Time for a shake-up at United Airlines

During the past year I have been a consistent critic of activist investors seeking to take over or influence well-run companies including Apple, PepsiCo, Amgen, DuPont, Dow, eBay and Allergan. However, I have supported activists who have challenged moribund management teams backed by complacent boards of directors.

The new challenge to United-Continental Holdings, known as United Airlines, fits the latter description perfectly. United deserves to be challenged. This week, PAR Capital and Altimeter Capital, two hedge funds with years of experience investing in the airline and transportation industries, have assembled 7.1 percent of United's shares and seek to name six board members.

Denver Airport United Airlines
Adam Jeffery | CNBC

Leading their charge is none other than Gordon Bethune, the successful former chairman and CEO of Continental (1994-2004) and career veteran of the airline industry.

Bethune, in an appearance on CNBC this week, criticized the airline's performance and lack of airline experience on its board and in its executive leadership.

"The current board has a country club atmosphere," Bethune said.

Having Bethune at the helm would be a refreshing change for United's leadership, which has been non-existent since CEO Oscar Munoz's heart attack in October and subsequent heart transplant. Prior to Munoz's appointment last September, the board ousted former CEO Jeff Smisek who had created "the chairman's flight" to South Carolina to win favor with the chief regulator of the Newark International Airport in order to gain concessions for United.

United's troubles existed long before Smisek's termination. The 2010 merger with Continental was plagued by poor integration, battles with its unions and computer problems that led to persistent delays, missing luggage, and poor customer service. Its first-line employees were angry at how they were being treated, and their attitudes impacted United's passengers. According to the Bureau of Transportation statistics, over one-quarter of its flights arrived late last year – by an average of 65 minutes! That was well above other airlines, including Delta and American.

The contrast is marked between United's woeful performance and the stunning leadership of Richard Anderson, Chairman and CEO of Delta Airlines. Anderson is an airline industry veteran who revived the former Northwest Airlines as its CEO, before a brief sojourn as executive vice president of United Health Group. Anderson became Delta's CEO in 2007 to lead it out of its 2005 bankruptcy. The following year he merged Delta with Northwest, which had also gone through bankruptcy, and quickly created a unified culture, sound relations with the pilot's union, and an integrated route structure. He took the unusual step of changing ID numbers on employee security badge to erase any identification with Northwest or the old Delta.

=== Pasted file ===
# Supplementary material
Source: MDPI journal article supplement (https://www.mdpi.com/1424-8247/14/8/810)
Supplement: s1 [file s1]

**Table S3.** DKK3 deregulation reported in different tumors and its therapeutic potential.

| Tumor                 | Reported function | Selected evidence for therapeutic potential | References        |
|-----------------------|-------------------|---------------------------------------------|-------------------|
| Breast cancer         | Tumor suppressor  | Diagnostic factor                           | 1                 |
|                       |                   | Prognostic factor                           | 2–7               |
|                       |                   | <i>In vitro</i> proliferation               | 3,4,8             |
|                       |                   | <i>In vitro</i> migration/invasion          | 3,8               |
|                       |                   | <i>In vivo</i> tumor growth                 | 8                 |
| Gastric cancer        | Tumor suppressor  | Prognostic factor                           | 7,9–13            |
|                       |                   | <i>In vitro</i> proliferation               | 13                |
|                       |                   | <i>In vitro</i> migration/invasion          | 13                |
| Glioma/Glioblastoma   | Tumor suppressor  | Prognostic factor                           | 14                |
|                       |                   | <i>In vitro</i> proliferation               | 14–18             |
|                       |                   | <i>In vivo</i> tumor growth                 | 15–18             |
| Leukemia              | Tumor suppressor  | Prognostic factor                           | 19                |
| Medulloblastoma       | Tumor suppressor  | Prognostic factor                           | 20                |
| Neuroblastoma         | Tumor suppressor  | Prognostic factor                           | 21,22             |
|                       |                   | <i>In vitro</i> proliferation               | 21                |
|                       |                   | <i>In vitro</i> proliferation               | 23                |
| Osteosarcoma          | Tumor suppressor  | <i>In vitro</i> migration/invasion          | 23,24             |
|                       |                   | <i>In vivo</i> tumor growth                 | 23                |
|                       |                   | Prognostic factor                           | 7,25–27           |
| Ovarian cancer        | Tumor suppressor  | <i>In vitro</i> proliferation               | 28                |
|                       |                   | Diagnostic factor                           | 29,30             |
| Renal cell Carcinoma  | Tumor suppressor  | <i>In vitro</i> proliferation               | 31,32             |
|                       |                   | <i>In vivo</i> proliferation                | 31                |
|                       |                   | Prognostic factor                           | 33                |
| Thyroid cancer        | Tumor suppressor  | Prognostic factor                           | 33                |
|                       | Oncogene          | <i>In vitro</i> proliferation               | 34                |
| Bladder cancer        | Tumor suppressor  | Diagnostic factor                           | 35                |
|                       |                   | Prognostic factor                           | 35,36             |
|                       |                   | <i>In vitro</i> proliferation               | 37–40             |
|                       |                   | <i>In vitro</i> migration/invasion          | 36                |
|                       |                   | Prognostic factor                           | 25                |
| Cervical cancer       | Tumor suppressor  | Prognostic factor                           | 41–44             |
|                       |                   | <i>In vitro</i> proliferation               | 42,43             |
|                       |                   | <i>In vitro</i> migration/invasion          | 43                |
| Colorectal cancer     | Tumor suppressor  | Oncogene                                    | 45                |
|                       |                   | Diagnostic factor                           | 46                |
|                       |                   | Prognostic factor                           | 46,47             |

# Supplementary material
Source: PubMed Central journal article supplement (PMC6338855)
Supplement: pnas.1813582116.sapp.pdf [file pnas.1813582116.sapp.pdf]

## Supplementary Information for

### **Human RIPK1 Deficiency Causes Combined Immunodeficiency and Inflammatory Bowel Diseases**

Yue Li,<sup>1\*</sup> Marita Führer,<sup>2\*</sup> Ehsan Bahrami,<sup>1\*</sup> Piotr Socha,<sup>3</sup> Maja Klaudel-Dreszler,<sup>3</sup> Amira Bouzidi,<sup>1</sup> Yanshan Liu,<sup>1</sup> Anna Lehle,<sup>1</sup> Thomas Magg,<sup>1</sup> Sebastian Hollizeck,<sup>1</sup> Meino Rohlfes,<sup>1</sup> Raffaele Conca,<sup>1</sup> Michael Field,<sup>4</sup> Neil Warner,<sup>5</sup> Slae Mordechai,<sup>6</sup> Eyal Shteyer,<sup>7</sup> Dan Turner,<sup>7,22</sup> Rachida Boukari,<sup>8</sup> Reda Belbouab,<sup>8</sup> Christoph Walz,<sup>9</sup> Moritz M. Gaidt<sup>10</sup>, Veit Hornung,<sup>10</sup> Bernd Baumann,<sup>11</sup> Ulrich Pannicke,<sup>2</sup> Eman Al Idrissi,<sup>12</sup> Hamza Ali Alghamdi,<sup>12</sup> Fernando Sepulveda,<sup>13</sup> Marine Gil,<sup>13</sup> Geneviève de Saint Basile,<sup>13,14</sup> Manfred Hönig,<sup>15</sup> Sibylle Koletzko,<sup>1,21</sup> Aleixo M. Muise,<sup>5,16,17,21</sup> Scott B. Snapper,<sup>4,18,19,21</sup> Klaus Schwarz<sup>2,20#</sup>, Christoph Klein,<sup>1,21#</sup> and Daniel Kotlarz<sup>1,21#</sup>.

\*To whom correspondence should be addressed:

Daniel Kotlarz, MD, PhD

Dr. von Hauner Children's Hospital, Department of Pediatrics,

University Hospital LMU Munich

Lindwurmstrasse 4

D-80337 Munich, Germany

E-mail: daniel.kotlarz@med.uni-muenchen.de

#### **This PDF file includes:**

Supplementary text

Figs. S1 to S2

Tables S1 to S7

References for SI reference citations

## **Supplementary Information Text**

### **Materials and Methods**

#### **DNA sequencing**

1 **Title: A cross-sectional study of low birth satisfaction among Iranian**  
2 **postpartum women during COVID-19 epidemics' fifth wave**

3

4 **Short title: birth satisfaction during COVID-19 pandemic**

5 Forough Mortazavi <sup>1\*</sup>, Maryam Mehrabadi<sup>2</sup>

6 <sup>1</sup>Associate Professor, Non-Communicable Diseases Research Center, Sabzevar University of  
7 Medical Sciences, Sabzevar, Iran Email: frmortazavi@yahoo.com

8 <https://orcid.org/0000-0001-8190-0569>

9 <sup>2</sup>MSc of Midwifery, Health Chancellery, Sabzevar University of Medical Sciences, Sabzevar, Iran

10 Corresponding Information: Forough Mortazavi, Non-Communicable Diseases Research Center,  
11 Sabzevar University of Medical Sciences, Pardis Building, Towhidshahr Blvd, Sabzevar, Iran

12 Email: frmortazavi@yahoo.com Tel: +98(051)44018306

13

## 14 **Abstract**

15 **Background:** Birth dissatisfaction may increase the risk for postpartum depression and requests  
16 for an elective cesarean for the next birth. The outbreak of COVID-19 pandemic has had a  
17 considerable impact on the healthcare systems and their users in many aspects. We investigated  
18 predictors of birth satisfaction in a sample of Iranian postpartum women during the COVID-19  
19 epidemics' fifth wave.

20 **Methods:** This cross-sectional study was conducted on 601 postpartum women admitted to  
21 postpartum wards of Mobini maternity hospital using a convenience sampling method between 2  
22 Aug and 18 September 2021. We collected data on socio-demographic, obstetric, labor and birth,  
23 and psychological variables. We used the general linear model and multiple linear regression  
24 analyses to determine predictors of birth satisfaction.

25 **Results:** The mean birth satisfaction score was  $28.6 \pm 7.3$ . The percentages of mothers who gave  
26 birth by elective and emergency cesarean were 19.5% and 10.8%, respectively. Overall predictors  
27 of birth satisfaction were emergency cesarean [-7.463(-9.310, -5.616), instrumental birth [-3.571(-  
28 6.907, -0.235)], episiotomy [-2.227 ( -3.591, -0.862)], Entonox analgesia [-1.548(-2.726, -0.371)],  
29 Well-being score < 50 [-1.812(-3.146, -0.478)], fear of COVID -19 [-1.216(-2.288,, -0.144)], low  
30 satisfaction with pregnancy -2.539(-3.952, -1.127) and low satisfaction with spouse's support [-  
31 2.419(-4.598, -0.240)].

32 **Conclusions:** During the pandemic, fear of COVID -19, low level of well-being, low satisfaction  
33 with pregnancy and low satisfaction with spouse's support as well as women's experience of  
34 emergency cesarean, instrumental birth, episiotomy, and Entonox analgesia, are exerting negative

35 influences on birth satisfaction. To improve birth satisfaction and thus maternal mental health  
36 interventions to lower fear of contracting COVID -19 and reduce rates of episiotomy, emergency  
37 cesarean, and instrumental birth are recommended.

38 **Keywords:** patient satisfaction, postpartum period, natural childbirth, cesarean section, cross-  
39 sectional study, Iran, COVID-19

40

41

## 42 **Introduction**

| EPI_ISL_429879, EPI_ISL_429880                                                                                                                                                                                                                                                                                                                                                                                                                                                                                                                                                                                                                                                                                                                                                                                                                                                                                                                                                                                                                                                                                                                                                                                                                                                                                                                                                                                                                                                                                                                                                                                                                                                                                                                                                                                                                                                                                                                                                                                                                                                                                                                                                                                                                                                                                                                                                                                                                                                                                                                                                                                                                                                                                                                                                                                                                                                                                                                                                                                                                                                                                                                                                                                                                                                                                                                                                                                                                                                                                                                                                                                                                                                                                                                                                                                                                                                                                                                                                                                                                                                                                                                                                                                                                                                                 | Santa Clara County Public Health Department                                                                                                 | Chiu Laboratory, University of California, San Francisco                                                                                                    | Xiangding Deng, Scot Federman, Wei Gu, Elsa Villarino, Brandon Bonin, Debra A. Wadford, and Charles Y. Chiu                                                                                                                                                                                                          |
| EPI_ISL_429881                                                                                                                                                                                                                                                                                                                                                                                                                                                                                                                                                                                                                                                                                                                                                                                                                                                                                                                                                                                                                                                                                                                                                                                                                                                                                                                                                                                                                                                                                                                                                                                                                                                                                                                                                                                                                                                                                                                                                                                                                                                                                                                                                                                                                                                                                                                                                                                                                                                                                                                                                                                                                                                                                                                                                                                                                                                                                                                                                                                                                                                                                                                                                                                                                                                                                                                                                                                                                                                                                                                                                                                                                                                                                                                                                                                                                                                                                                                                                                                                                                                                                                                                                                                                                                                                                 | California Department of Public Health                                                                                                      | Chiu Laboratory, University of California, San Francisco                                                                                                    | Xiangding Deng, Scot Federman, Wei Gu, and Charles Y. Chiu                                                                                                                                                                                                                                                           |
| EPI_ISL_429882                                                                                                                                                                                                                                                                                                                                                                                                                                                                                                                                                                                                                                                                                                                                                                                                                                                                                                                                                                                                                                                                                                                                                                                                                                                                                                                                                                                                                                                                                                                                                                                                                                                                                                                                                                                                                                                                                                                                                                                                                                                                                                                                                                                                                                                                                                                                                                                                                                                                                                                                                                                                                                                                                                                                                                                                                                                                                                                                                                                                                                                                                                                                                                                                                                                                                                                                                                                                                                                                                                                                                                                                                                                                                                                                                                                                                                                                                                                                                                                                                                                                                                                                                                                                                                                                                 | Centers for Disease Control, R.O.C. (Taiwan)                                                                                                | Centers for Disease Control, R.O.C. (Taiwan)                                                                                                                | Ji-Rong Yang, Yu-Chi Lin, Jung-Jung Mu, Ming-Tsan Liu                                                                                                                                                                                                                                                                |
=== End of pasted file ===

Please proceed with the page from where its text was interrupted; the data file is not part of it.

Anderson is a hands-on leader who meets regularly with employees and is often found on the flight line talking with the maintenance crew or in the cockpit jump seat chatting with pilots. He eliminated the bottlenecks in flights by boarding passengers forty minutes early, ensuring minimal lost baggage, and enabling many flights to arrive early – all of which have led to high levels of customer and employee satisfaction. Since the 2008-09 recession, Delta has experienced strong profitability and is using its cash flow to invest in updated aircraft and improvements to in-flight customer service.

As a frequent flyer on Delta and a reluctant passenger on United, my experiences with the two airlines differ dramatically. It is a pleasure to fly Delta where the pilots and flight attendants seem to genuinely enjoy flying and serving passengers. Delta is so efficient that I have come to expect to arrive early, and walk away feeling very satisfied. In contrast, the morale at United seems low. Do employees care whether the flight arrives on time or not? In a way, you cannot blame them as their systems are so poor that flight delays are inevitable.

Thus, United is a perfect target for an activist takeover that could benefit from a board and leadership team of airline veterans. Who better than Bethune to lead the transformation? For the sake of United's passengers and employees, this is one battle the activists deserve to win.

Commentary by Bill George, a senior fellow at Harvard Business School and the former Chairman and CEO of Medtronic and previously served on the board of Novartis. He is author of the book "Discover Your True North" (Wiley: August 17). Follow him on Twitter @Bill_George.

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